Building Trust, One Patient Chart at a Time

Amberlyn Hopper

At the Icahn School of Medicine at Mount Sinai (ISMMS), Adam Kraus, MD, and Luis Seija, MD, are modernizing data sharing to empower patients as active care partners and enhance patient engagement, service utilization, and communication with physicians. Notably, Adam and Luis designed, applied for the Building Trust Through Diversity, Health Care Equity, and Inclusion in Internal Medicine Training Grant Program, and are leading their project as joint internal medicine and pediatrics residents: Luis has since started his fellowship at the University of Pennsylvania and Adam is in his final year at Mt. Sinai.

Aligned with the 21st Century Cures Act, this project is more than just a technological upgrade; it’s a catalyst for change. The focus? Empowering those in the Internal Medicine Residency Program with anti-racist and patient-centered communication skills. The significance of the language employed by physicians in their documentation wields the power to shape providers’ perceptions of patients, influence the quality of clinical care delivered, and impact patients’ comprehension of their health. The populations most subjected to negative charting tend to be patients of color and those without commercial insurance.

The curriculum recently rolled out to the first year class, extends beyond the classroom, challenging residents to critically evaluate their charting language. The project incorporates pre- and post-tests to evaluate the effectiveness of the intervention in reducing stigmatizing language. Post-session reflections have unveiled that residents are now making intentional choices about their charting language and learning the impact of their words on patient care. Residents are steering away from stigmatizing phrases and outdated terminology, such as “compliant” or “refuse,” and opting instead to utilize language that advocates for the well-being of their patients, especially those disproportionately affected by racism and bias.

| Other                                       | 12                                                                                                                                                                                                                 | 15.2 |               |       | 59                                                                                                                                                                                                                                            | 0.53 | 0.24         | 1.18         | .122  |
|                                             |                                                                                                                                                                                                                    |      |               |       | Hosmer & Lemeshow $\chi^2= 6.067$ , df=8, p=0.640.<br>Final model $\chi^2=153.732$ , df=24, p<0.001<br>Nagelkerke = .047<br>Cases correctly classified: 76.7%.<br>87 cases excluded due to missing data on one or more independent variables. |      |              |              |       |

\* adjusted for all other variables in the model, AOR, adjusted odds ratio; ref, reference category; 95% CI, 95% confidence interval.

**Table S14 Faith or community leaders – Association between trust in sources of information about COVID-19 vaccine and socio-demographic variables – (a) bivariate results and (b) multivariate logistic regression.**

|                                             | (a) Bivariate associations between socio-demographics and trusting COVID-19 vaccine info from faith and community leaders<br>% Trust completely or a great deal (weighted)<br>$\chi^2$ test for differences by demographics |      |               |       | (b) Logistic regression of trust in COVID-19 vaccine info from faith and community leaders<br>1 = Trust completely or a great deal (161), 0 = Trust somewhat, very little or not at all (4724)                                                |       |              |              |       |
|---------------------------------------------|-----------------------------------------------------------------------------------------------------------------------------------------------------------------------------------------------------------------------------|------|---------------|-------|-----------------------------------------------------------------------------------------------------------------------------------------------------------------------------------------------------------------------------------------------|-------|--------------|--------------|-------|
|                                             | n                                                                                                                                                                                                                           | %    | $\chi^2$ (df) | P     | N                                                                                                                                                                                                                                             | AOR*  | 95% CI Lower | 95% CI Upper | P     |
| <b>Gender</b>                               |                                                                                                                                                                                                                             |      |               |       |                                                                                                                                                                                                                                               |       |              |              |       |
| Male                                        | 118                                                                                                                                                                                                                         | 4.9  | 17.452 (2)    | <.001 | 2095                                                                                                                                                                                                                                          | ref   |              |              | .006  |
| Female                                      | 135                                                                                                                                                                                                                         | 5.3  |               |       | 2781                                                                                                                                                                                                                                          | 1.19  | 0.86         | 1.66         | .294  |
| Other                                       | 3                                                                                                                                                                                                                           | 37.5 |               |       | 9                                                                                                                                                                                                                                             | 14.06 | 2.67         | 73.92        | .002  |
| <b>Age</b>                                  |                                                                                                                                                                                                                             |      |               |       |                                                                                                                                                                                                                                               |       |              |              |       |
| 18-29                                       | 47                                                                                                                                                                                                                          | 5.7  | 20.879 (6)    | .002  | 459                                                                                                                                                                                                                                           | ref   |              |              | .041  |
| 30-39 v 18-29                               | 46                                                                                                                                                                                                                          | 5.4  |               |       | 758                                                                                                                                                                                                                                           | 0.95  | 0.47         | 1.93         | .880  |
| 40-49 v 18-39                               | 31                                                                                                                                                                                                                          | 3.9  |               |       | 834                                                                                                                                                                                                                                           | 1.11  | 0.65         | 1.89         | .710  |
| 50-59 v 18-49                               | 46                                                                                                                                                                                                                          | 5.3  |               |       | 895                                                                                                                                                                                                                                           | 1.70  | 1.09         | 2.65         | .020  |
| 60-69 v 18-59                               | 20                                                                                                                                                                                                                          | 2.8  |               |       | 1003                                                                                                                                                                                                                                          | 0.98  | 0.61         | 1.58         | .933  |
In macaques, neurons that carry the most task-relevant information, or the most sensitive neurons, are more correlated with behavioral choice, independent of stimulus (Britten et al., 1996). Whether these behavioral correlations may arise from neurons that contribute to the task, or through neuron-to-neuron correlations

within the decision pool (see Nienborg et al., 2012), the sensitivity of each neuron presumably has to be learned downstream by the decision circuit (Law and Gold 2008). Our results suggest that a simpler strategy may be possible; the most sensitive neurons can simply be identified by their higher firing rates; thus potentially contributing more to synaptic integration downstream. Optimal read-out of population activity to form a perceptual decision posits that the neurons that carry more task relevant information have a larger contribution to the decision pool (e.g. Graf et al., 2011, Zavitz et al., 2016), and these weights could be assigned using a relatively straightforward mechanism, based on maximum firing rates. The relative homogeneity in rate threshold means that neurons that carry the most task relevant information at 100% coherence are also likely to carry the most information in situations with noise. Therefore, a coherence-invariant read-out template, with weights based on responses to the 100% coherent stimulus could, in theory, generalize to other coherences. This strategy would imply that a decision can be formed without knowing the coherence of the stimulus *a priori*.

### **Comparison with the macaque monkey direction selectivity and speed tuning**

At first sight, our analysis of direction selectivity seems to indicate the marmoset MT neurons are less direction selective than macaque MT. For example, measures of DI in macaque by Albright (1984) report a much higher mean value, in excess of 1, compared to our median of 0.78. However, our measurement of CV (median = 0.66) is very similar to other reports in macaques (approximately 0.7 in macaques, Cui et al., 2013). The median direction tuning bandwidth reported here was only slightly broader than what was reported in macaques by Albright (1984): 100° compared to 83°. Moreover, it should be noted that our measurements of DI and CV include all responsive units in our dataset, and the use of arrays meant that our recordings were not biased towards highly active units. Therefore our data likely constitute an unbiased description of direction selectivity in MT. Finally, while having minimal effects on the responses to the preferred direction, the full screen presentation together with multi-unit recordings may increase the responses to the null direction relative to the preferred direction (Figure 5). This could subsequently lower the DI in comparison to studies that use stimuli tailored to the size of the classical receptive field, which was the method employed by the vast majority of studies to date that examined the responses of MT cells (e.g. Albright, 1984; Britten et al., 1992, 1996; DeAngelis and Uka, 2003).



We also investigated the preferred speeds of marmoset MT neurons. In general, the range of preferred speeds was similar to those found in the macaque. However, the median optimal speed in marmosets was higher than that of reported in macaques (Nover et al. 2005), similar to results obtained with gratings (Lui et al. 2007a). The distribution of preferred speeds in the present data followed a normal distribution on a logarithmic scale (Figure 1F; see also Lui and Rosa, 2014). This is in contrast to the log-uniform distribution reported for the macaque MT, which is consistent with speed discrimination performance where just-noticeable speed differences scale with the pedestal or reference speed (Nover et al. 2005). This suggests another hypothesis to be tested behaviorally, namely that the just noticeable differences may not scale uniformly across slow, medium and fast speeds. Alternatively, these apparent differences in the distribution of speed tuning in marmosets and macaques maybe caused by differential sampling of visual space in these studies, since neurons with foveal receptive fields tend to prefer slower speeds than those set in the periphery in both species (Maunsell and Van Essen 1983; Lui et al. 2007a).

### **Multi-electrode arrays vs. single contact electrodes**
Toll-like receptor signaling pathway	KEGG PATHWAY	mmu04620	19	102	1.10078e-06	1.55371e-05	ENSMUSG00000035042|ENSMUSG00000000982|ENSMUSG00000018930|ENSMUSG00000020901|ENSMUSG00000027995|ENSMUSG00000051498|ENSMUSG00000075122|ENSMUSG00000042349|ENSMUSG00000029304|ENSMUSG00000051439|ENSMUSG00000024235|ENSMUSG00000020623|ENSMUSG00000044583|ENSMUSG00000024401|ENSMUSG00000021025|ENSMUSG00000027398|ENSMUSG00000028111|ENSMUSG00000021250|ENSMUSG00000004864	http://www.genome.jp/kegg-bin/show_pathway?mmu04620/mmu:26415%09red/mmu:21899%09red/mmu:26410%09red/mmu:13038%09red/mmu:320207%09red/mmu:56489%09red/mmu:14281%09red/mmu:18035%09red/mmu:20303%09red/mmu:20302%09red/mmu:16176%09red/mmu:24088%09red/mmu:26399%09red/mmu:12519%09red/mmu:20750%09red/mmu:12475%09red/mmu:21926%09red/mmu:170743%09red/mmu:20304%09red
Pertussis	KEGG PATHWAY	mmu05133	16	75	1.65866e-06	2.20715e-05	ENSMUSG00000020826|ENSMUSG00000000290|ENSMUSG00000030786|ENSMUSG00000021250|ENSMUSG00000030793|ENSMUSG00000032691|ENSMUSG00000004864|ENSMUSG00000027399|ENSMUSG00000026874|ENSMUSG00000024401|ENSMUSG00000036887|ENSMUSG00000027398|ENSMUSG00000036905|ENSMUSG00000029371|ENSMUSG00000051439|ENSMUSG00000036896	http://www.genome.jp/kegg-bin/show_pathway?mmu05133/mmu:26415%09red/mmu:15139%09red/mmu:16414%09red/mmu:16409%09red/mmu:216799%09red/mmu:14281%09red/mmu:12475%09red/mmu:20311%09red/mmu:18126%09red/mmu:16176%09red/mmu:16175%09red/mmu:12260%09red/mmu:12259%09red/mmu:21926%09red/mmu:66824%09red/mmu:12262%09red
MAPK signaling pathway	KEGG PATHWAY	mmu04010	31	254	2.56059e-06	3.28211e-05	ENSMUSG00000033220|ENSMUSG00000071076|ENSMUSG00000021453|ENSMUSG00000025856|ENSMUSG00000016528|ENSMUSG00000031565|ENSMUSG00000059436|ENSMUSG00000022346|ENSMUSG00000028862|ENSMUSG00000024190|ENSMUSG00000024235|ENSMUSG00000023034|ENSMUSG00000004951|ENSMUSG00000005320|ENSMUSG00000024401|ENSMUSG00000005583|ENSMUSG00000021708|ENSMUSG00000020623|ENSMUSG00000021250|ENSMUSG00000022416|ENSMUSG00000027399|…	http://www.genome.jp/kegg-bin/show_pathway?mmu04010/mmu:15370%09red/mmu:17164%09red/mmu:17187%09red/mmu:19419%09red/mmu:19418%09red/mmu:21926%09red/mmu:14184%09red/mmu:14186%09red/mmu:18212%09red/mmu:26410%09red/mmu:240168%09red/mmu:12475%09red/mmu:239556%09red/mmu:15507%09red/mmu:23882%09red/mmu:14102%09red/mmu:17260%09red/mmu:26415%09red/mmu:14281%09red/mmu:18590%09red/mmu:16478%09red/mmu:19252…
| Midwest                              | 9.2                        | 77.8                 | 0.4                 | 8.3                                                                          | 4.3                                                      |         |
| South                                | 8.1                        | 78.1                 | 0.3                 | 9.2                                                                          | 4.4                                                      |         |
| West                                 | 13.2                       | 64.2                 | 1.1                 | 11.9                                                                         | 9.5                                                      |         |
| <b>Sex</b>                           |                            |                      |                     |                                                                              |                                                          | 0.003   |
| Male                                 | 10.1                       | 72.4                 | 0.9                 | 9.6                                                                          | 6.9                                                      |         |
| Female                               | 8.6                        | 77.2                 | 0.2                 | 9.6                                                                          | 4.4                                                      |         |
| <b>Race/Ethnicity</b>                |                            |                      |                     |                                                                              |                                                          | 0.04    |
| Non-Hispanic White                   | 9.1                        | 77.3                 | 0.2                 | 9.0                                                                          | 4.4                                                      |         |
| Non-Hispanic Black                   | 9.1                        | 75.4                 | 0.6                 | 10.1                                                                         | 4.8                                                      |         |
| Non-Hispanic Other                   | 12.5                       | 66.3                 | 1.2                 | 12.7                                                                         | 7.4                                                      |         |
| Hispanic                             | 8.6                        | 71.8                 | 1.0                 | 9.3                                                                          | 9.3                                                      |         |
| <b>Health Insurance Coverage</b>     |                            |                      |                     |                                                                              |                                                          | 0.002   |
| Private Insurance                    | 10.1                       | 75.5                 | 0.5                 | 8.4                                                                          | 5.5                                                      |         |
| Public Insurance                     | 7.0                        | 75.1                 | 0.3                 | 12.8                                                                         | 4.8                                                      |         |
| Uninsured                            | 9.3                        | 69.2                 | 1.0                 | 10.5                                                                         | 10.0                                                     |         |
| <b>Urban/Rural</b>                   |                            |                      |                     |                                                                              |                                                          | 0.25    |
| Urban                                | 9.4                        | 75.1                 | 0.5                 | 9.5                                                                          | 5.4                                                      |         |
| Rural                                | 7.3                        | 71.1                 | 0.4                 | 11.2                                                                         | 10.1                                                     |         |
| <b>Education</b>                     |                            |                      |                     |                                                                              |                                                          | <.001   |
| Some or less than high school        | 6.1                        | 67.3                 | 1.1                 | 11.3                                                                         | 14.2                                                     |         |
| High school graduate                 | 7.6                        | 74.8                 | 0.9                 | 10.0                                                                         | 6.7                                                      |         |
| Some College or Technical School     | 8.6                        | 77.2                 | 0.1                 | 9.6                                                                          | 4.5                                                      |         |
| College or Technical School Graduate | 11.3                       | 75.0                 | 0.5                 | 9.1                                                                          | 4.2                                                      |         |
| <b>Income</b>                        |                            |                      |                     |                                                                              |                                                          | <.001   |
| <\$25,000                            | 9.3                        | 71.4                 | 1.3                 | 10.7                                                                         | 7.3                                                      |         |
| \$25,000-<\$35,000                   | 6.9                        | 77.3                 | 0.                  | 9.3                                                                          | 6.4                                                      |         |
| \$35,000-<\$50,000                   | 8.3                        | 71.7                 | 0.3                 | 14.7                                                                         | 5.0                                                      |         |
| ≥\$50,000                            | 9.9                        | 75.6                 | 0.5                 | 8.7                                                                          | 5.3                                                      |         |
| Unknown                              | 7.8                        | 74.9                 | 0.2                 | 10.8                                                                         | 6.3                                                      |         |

“Luis and I had spent a lot of time discussing the injustices we witnessed around us as related to documentation and health literacy, frustrated at the sub-par care we witnessed as a result of overly stigmatizing documentation. This project has meant the world to us; enabling us to address this real-world problem and to see the ways in which we can educate our peers and patients to foster connection. We are so thankful to the ABIM Foundation for enabling us to pursue this project and for fostering what will be a career-long interest in anti-racism and health justice through documentation.” – Adam Kraus, MD

Adam Kraus, MD

The initiative also introduces a multifaceted approach involving Health Information Technology (HIT) navigators for patients with HIV/AIDS. The HIT navigators educate patients on technology skills, such as using the MyChart/MyMountSinai app, which fosters digital literacy and engagement. Patients are taught to download the app to find their appointments, medication list, and message center. They are empowered to message their clinicians upon discharge and to read documentation about their hospital course in an effort to improve their literacy about their own medical conditions. The project sets goals to measure patient outcomes, including technology proficiency, accessing appointments, and attendance at follow-up appointments. Smart phones preloaded with minutes will be provided free of charge to patients without smartphones so they too can participate.

This isn’t just a local initiative; it’s a scalable model, emphasizing anti-racism principles to build trust and transparency in electronic medical records. The project team is seeking to transform an often-overlooked part of the health care landscape into one where patients are partners, language is empowering, and equity is at the forefront.

Amberlyn Hopper